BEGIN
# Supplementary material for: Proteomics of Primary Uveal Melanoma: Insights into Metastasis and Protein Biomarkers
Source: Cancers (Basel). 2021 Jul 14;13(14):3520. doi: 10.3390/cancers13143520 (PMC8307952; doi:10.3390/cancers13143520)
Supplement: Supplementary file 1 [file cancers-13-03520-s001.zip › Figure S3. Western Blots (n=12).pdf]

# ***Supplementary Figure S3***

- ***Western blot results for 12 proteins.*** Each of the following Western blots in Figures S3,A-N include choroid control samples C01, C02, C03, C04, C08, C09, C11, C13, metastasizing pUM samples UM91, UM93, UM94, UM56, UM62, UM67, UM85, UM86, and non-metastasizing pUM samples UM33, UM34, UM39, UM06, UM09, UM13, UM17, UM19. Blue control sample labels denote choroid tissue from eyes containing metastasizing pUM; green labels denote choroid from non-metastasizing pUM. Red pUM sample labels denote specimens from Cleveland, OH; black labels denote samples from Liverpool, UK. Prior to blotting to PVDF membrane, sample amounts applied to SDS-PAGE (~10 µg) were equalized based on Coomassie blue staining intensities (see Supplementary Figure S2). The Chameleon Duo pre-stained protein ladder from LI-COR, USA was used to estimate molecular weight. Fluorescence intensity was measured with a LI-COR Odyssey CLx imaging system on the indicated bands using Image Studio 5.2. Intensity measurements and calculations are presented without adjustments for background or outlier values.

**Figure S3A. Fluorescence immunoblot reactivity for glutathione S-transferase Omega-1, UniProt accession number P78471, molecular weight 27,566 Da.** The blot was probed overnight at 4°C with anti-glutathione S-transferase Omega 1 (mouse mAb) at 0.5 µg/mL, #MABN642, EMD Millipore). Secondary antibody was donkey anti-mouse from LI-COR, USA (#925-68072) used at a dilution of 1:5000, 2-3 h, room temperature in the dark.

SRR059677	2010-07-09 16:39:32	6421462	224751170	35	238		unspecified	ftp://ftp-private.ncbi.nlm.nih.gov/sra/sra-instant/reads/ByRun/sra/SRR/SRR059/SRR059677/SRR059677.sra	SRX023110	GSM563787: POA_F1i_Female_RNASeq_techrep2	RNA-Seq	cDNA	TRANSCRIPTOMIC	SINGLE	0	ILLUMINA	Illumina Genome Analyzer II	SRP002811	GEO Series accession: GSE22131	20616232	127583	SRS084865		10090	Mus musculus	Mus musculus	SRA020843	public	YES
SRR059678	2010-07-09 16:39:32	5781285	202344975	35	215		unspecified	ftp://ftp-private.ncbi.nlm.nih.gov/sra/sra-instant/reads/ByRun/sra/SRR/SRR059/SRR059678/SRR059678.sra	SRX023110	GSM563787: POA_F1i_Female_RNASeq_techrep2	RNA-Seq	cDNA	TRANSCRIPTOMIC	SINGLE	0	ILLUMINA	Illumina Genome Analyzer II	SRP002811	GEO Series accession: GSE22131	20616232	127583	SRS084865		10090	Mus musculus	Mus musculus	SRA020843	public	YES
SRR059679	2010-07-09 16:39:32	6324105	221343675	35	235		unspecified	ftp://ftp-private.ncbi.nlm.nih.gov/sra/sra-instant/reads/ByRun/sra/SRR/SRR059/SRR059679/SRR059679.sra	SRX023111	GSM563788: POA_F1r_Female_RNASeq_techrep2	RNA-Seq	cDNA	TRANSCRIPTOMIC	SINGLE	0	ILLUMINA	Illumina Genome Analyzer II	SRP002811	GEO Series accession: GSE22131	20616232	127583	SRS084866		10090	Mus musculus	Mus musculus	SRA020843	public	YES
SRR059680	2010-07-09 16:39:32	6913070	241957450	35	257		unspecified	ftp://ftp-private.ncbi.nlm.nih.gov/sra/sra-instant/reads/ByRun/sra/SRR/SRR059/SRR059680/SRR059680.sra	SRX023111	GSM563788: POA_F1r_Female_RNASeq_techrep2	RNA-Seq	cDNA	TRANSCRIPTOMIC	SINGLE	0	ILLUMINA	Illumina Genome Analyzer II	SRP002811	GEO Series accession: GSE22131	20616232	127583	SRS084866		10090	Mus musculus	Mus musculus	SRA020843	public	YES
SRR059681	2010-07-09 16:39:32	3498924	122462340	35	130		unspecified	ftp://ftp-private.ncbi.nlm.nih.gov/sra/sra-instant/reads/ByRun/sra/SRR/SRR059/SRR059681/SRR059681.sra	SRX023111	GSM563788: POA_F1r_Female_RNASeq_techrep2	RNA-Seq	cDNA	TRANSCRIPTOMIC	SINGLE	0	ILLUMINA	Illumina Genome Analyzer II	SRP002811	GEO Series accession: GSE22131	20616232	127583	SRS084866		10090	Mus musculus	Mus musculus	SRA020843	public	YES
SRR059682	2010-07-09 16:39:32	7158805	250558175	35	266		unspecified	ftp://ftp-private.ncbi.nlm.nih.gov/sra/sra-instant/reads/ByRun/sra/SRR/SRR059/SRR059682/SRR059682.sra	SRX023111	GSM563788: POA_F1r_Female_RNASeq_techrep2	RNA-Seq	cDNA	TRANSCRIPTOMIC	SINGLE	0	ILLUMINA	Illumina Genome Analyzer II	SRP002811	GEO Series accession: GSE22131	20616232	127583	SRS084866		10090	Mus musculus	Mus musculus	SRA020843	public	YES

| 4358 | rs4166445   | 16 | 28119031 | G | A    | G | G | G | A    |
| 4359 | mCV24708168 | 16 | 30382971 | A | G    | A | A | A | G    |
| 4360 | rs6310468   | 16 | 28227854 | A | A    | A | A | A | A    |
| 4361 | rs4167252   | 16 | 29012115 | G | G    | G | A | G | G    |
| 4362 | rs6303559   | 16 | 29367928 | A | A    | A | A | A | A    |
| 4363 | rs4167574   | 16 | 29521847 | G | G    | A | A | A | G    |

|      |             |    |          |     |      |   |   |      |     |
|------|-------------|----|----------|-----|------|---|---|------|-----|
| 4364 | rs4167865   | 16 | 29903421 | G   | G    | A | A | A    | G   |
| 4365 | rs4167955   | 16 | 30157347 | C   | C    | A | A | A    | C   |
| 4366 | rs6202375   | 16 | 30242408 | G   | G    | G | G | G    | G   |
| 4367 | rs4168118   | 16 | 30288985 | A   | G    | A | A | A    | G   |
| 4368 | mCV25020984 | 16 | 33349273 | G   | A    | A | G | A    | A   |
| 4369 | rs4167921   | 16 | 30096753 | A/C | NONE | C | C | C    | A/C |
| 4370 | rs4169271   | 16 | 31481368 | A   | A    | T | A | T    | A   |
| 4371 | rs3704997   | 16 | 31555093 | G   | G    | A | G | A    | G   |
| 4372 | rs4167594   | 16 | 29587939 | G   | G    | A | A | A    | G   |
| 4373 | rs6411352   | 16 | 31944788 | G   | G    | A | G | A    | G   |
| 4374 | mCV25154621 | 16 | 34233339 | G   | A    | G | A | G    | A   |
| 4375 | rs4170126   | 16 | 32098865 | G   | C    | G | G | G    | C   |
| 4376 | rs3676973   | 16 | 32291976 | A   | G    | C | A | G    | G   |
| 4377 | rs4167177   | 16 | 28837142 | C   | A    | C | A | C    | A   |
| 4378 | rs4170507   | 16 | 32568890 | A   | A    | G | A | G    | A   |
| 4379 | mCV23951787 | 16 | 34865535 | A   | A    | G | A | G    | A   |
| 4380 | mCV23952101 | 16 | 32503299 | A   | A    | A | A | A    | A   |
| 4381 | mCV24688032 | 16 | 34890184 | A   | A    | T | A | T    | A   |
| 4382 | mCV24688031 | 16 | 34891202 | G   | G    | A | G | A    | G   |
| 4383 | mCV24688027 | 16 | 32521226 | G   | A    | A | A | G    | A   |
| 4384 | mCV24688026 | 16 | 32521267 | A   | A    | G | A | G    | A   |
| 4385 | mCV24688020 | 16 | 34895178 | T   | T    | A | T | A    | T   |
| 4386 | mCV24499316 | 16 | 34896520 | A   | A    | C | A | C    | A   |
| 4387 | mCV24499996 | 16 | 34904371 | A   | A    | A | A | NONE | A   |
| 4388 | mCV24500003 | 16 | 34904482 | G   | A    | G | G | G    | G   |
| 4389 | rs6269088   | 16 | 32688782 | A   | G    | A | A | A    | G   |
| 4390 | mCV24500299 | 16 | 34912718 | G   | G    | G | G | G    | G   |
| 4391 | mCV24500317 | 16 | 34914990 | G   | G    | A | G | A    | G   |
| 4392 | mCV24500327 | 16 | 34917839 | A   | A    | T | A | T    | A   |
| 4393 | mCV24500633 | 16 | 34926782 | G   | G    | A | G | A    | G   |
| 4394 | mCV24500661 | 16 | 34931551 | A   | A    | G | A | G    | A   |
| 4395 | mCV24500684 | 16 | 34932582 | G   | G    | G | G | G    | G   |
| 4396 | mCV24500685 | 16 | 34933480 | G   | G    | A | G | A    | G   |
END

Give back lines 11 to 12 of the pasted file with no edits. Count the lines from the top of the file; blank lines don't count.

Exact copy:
SRR059681	2010-07-09 16:39:32	3498924	122462340	35	130		unspecified	ftp://ftp-private.ncbi.nlm.nih.gov/sra/sra-instant/reads/ByRun/sra/SRR/SRR059/SRR059681/SRR059681.sra	SRX023111	GSM563788: POA_F1r_Female_RNASeq_techrep2	RNA-Seq	cDNA	TRANSCRIPTOMIC	SINGLE	0	ILLUMINA	Illumina Genome Analyzer II	SRP002811	GEO Series accession: GSE22131	20616232	127583	SRS084866		10090	Mus musculus	Mus musculus	SRA020843	public	YES
SRR059682	2010-07-09 16:39:32	7158805	250558175	35	266		unspecified	ftp://ftp-private.ncbi.nlm.nih.gov/sra/sra-instant/reads/ByRun/sra/SRR/SRR059/SRR059682/SRR059682.sra	SRX023111	GSM563788: POA_F1r_Female_RNASeq_techrep2	RNA-Seq	cDNA	TRANSCRIPTOMIC	SINGLE	0	ILLUMINA	Illumina Genome Analyzer II	SRP002811	GEO Series accession: GSE22131	20616232	127583	SRS084866		10090	Mus musculus	Mus musculus	SRA020843	public	YES